Gastric cancer treatment: similarity and difference between China and Korea
Review Article

Gastric cancer treatment: similarity and difference between China and Korea

Kun Yang1,2, Jian-Kun Hu1,2

1Department of Gastrointestinal Surgery, West China Hospital, Sichuan University, Chengdu 610041, China; 2Institute of Gastric Cancer, State Key Laboratory of Biotherapy, West China Hospital, Sichuan University, Chengdu 610041, China

Contributions: (I) Conception and design: All authors; (II) Administrative support: JK Hu; (III) Provision of study materials or patients: All authors; (IV) Collection and assembly of data: K Yang; (V) Data analysis and interpretation: All authors; (VI) Manuscript writing: All authors; (VII) Final approval of manuscript: All authors.

Correspondence to: Prof. Jian-Kun Hu. Department of Gastrointestinal Surgery, and Institute of Gastric cancer, State Key Laboratory of Biotherapy, West China Hospital, Sichuan University, No. 37 Guo Xue Xiang Street, Chengdu 610041, China. Email: hujkwch@126.com.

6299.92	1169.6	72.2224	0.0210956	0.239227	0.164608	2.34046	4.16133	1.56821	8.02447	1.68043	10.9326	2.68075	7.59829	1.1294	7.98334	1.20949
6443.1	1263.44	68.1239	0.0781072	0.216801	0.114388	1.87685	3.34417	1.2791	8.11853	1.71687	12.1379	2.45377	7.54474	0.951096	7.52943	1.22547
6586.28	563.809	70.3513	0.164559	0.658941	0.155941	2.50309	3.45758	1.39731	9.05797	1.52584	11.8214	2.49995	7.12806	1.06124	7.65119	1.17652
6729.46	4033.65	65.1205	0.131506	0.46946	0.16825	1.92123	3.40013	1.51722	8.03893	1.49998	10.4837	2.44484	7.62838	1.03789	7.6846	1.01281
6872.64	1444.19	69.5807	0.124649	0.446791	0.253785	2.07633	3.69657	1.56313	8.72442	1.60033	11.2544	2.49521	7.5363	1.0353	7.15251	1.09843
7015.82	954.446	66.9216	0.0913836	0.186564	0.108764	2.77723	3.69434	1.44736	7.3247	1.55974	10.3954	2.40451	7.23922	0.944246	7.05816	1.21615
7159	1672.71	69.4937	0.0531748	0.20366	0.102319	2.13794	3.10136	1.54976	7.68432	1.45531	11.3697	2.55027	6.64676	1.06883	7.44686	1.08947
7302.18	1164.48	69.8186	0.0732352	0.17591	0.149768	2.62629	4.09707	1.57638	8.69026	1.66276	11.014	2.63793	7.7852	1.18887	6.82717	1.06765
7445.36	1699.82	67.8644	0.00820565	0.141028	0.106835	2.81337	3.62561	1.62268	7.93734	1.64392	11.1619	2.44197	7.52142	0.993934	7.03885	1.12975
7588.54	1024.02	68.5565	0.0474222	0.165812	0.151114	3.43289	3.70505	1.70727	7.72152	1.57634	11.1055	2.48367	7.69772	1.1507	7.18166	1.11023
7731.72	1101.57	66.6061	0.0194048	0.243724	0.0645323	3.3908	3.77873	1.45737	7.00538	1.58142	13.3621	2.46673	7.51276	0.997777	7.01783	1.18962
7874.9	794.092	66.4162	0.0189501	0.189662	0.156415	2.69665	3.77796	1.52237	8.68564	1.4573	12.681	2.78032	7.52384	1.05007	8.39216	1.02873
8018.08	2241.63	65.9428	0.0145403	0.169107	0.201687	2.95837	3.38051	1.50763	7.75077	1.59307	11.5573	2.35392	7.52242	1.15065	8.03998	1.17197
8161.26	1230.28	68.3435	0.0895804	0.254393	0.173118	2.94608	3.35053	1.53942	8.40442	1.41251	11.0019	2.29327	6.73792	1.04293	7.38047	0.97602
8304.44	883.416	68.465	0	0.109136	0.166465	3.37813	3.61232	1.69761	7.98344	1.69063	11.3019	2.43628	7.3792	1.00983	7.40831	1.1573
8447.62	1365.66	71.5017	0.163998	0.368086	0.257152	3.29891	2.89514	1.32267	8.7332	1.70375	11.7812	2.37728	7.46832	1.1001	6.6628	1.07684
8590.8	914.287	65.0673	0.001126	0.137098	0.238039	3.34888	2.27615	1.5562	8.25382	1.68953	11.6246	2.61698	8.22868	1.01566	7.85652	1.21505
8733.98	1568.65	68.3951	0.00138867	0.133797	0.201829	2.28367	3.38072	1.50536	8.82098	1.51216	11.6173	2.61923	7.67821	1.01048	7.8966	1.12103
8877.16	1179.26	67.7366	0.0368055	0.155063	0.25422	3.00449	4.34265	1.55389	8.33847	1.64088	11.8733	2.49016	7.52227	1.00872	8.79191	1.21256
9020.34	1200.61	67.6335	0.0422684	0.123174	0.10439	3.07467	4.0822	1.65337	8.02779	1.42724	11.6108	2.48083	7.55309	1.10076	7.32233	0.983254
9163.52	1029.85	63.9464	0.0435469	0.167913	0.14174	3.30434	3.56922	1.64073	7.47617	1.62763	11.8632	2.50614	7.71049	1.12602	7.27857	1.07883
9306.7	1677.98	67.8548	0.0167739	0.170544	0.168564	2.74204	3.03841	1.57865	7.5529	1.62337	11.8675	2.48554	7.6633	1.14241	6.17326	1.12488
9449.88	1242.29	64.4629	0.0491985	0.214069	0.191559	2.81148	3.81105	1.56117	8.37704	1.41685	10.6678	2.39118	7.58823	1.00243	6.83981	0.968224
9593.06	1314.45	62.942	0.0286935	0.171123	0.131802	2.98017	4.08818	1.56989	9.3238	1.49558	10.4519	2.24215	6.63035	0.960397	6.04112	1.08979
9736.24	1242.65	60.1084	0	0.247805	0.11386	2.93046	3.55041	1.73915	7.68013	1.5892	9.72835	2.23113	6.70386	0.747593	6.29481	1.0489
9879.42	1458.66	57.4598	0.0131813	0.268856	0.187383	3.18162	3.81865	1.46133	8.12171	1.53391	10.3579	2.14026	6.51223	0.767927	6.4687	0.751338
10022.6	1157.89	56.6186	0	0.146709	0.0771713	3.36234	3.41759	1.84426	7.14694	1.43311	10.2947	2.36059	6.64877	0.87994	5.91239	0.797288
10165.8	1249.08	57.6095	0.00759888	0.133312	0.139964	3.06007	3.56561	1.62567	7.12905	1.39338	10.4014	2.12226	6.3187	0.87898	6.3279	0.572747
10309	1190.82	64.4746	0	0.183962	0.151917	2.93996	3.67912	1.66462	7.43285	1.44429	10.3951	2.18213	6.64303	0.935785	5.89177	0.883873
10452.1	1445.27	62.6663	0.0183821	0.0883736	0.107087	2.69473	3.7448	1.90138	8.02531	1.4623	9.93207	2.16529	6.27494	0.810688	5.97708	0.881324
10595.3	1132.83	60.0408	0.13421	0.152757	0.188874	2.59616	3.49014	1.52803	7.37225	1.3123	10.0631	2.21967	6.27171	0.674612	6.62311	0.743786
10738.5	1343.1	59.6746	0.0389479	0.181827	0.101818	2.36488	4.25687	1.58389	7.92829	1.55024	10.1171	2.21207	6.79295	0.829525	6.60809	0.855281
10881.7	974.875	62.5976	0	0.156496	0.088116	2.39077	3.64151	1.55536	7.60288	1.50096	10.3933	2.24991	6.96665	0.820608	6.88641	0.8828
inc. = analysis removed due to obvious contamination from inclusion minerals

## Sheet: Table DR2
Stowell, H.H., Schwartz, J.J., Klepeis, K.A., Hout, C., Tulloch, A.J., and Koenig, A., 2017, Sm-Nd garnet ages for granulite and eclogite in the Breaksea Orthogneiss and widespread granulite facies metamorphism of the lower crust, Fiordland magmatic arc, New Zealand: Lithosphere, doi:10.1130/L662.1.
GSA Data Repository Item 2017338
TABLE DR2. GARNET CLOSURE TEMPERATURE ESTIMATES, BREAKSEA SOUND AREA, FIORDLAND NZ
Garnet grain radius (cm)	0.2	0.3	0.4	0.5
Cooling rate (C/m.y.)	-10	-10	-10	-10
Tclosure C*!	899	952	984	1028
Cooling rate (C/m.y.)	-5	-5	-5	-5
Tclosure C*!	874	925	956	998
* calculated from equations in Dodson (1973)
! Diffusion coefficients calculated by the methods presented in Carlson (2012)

Abstract: Chinese populations have many demographic similarities to Korean populations. However, the long-term survival rates of gastric cancer patients in China are still not satisfactory when compared with Korea, especially for the advanced cases. In this article, we discuss about the similarity and difference of gastric cancer treatment in terms of screening, surgical approach, stomach resection, digestive tract reconstruction, lymphadenectomy, harvested lymph nodes, operative morbidity and mortality, postoperative chemotherapy as well as follow-up between China and Korea. Given that a variety of factors ranging from tumor characteristics to different treatment strategies are seen between the two countries, the reasons accounting for the differences in survival should be focused and the corresponding strategy should be considered and finally promote to improve the prognosis of gastric cancer.